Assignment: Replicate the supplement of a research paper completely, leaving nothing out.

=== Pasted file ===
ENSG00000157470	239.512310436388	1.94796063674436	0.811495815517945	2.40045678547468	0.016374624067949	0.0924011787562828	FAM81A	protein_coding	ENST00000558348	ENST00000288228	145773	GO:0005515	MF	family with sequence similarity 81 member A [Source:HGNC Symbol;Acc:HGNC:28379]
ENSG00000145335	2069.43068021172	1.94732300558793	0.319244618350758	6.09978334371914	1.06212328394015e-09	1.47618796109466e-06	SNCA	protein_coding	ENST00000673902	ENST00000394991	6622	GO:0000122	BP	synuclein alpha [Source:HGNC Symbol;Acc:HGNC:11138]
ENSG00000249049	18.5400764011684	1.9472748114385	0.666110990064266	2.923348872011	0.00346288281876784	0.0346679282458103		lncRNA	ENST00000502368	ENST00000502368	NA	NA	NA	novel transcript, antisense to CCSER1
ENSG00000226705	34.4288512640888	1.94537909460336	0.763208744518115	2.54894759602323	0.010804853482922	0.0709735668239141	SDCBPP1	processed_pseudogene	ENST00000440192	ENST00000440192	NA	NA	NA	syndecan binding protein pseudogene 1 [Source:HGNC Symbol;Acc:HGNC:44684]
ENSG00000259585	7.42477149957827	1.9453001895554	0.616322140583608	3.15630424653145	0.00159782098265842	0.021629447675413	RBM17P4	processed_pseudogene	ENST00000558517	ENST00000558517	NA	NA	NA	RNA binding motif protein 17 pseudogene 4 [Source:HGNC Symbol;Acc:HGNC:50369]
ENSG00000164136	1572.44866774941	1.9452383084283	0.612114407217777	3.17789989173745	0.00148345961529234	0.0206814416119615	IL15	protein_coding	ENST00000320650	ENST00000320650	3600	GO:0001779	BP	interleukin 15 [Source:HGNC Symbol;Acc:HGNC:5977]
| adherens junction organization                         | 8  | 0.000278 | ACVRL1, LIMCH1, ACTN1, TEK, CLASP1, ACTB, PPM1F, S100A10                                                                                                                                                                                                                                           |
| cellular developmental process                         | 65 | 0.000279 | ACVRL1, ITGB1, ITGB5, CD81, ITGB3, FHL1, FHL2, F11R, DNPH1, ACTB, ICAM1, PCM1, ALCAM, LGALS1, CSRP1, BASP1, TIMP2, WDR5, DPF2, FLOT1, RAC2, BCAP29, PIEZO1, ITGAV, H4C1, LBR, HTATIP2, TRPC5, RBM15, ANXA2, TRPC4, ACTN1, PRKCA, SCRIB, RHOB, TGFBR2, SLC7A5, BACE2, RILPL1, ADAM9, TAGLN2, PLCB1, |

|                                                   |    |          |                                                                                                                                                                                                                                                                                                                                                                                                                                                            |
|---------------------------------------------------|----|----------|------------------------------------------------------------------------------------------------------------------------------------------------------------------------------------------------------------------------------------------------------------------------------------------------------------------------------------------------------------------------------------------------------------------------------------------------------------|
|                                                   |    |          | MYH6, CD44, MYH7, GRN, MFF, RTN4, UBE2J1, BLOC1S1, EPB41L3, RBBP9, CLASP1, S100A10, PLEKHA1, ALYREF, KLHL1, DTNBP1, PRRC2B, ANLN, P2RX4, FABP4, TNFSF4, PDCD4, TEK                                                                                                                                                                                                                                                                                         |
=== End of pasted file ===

ENSG00000157470	239.512310436388	1.94796063674436	0.811495815517945	2.40045678547468	0.016374624067949	0.0924011787562828	FAM81A	protein_coding	ENST00000558348	ENST00000288228	145773	GO:0005515	MF	family with sequence similarity 81 member A [Source:HGNC Symbol;Acc:HGNC:28379]
ENSG00000145335	2069.43068021172	1.94732300558793	0.319244618350758	6.09978334371914	1.06212328394015e-09	1.47618796109466e-06	SNCA	protein_coding	ENST00000673902	ENST00000394991	6622	GO:0000122	BP	synuclein alpha [Source:HGNC Symbol;Acc:HGNC:11138]
ENSG00000249049	18.5400764011684	1.9472748114385	0.666110990064266	2.923348872011	0.00346288281876784	0.0346679282458103		lncRNA	ENST00000502368	ENST00000502368	NA	NA	NA	novel transcript, antisense to CCSER1
ENSG00000226705	34.4288512640888	1.94537909460336	0.763208744518115	2.54894759602323	0.010804853482922	0.0709735668239141	SDCBPP1	processed_pseudogene	ENST00000440192	ENST00000440192	NA	NA	NA	syndecan binding protein pseudogene 1 [Source:HGNC Symbol;Acc:HGNC:44684]
ENSG00000259585	7.42477149957827	1.9453001895554	0.616322140583608	3.15630424653145	0.00159782098265842	0.021629447675413	RBM17P4	processed_pseudogene	ENST00000558517	ENST00000558517	NA	NA	NA	RNA binding motif protein 17 pseudogene 4 [Source:HGNC Symbol;Acc:HGNC:50369]
ENSG00000164136	1572.44866774941	1.9452383084283	0.612114407217777	3.17789989173745	0.00148345961529234	0.0206814416119615	IL15	protein_coding	ENST00000320650	ENST00000320650	3600	GO:0001779	BP	interleukin 15 [Source:HGNC Symbol;Acc:HGNC:5977]
| adherens junction organization                         | 8  | 0.000278 | ACVRL1, LIMCH1, ACTN1, TEK, CLASP1, ACTB, PPM1F, S100A10                                                                                                                                                                                                                                           |
| cellular developmental process                         | 65 | 0.000279 | ACVRL1, ITGB1, ITGB5, CD81, ITGB3, FHL1, FHL2, F11R, DNPH1, ACTB, ICAM1, PCM1, ALCAM, LGALS1, CSRP1, BASP1, TIMP2, WDR5, DPF2, FLOT1, RAC2, BCAP29, PIEZO1, ITGAV, H4C1, LBR, HTATIP2, TRPC5, RBM15, ANXA2, TRPC4, ACTN1, PRKCA, SCRIB, RHOB, TGFBR2, SLC7A5, BACE2, RILPL1, ADAM9, TAGLN2, PLCB1, |

|                                                   |    |          |                                                                                                                                                                                                                                                                                                                                                                                                                                                            |
|---------------------------------------------------|----|----------|------------------------------------------------------------------------------------------------------------------------------------------------------------------------------------------------------------------------------------------------------------------------------------------------------------------------------------------------------------------------------------------------------------------------------------------------------------|
|                                                   |    |          | MYH6, CD44, MYH7, GRN, MFF, RTN4, UBE2J1, BLOC1S1, EPB41L3, RBBP9, CLASP1, S100A10, PLEKHA1, ALYREF, KLHL1, DTNBP1, PRRC2B, ANLN, P2RX4, FABP4, TNFSF4, PDCD4, TEK                                                                                                                                                                                                                                                                                         |